Wan Yon Shahima emphasised that because SMEs make up 98% of business in Malaysia and account for 65% of the country’s employment, any discussion of the upskilling and multiskilling of the workforce must include this market, especially as SMEs will be the businesses who are most impacted by Industry 4.0.

“Strengthening their workforce and helping them prepare for Industry 4.0 is crucial if we are to realise the goals set out in the SME Masterplan 2012-2020 and the 11th Malaysia Plan,” she said.

The SME Master plan is government’s initiative to boost SME contribution to the national gross domestic product to 41% from the current 31% and contribution to exports to 23% from the current 18% by the year 2020. The 11th Malaysia Plan’s goal is to make Malaysia a high-income developed nation with 35% of the workforce comprising skilled workers by 2020.

These goals are an enormous feat to achieve, especially considering the time constraints, said Wan Yon Shahima. To meet them, Malaysia needs to be aggressive in addressing unemployment issues, revolutionising how SMEs operate and mapping how the Malaysian workforce can fit seamlessly with new technology. All this can be achieved by investing heavily in upskilling and reskilling the workforce.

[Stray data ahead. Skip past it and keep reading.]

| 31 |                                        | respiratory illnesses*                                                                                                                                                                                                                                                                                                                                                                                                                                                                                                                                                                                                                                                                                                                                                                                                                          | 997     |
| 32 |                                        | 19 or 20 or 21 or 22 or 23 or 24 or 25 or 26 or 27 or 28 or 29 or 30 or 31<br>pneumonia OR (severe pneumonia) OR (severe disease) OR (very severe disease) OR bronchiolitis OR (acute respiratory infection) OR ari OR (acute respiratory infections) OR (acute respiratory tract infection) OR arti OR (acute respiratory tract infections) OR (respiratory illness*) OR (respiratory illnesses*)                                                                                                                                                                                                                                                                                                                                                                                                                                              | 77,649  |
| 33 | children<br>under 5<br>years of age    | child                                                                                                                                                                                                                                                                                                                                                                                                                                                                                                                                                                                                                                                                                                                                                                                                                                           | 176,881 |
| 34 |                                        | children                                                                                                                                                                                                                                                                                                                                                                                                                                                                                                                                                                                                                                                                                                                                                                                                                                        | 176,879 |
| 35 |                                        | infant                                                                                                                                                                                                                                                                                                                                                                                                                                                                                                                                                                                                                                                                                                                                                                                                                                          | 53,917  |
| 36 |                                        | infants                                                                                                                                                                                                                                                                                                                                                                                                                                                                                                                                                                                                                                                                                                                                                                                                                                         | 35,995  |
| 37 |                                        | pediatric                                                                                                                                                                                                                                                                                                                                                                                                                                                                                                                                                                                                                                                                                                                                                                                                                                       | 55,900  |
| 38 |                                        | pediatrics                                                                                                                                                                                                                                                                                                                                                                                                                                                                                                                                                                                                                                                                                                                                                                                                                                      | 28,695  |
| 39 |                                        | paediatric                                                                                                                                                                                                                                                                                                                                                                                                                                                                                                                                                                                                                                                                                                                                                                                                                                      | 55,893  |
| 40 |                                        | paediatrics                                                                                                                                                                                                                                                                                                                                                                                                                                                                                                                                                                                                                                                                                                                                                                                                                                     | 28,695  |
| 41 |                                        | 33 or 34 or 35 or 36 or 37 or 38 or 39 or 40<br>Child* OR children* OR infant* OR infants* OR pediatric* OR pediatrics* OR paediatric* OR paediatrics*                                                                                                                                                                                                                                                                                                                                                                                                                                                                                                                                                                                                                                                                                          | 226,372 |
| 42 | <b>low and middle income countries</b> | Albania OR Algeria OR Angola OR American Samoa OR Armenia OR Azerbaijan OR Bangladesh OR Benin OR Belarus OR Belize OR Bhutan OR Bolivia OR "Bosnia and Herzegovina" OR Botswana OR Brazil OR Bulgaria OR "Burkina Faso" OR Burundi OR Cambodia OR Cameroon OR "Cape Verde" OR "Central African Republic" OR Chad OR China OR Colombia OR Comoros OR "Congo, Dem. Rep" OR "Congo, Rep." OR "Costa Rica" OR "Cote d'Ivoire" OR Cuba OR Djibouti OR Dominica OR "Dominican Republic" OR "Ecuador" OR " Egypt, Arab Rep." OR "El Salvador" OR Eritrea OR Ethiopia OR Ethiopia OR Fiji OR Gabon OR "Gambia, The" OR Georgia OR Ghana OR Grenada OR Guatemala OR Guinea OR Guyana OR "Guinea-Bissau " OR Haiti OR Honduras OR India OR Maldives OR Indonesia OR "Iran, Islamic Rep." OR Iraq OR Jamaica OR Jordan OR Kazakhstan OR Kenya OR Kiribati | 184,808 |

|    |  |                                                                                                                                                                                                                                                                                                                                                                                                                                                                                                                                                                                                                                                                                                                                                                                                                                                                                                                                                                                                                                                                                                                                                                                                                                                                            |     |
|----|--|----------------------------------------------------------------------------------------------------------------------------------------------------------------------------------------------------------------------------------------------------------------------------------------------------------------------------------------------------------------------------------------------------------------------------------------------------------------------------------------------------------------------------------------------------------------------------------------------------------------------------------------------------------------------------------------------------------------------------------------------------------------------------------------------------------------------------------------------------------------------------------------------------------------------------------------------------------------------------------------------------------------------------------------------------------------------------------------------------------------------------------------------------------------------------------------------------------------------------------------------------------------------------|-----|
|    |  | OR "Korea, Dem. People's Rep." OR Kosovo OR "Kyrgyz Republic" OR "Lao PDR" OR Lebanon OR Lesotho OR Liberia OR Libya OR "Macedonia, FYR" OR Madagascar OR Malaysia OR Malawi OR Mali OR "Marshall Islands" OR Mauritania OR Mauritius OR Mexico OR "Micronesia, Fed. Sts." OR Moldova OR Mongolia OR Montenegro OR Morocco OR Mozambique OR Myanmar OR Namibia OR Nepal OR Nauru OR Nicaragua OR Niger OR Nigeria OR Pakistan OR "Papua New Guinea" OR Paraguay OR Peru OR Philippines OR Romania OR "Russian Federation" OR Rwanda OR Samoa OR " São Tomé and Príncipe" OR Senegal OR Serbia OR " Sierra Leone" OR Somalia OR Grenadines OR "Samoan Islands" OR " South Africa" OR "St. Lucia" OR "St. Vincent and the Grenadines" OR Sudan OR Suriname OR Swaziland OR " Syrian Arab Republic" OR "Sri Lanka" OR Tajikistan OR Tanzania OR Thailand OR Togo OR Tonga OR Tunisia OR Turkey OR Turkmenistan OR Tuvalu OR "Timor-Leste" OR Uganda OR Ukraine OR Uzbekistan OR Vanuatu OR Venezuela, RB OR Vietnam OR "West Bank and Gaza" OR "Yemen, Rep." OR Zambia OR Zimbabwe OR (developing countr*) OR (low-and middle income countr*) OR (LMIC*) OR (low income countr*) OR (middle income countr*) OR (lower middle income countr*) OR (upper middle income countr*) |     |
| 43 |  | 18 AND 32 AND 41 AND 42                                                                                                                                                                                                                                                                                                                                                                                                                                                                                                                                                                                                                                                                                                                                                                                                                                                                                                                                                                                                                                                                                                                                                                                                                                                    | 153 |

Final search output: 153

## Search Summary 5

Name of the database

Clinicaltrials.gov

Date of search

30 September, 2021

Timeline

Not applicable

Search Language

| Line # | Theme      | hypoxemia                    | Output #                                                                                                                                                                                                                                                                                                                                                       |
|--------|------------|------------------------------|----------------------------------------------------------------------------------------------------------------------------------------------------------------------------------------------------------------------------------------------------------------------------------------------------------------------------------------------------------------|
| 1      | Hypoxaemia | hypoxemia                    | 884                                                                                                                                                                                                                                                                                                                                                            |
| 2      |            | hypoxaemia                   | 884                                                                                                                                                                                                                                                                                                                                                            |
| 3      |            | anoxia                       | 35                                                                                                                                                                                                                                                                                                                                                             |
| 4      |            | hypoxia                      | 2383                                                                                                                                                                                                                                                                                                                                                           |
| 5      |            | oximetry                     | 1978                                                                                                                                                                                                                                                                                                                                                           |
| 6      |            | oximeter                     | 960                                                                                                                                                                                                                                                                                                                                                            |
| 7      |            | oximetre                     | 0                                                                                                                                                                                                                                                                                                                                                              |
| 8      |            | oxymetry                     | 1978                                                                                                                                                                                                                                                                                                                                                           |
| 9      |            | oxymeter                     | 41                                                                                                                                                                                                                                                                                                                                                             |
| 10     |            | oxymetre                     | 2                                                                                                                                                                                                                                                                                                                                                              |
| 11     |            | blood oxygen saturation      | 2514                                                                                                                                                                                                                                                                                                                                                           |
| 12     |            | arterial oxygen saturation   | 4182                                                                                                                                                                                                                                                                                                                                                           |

“This is where trainers come in. With just over two years to go, it is crucial that we, as HR practitioners, do our part and firmly push towards achieving this goal with well-developed and relevant training modules for the worker and workplace of tomorrow,” she said.

Because of the fact that new jobs that previously never existed are now being created, opportunities for countries to improve their human resource, upskilling and multiskilling performance abound. Wan Yon Shahima quoted the World Economic Forum’s Human Captial Report 2016, which said that technology-enabled education and the emergence of digital talent platforms will amplify people’s potential to develop and deploy their skills beyond geographic boundaries.

This means that trainers must constantly upgrade themselves to ensure they can use the training tools available and appropriately apply them to provide solutions to the challenges their trainees face in the training room and outside of it.

“We have to rethink the way we train, from the information we provide and the way in which we deliver our information to the way with engage with our trainees before, during and after the training,” she said.

“In an increasingly digitalised age, trainers are faced with a host of challenges this industry didn’t before. Keeping up to date with technological advances and trends are key to remaining relevant and to be in a position to help your trainees today and in the future.”


Related stories:

FAA moves to prepare financial services professionals for Industry 4.0

What’s Next 2017: SMEs need to accelerate development to increase digital adoption in Malaysia

Collaboration key to relevant education in Industry 4.0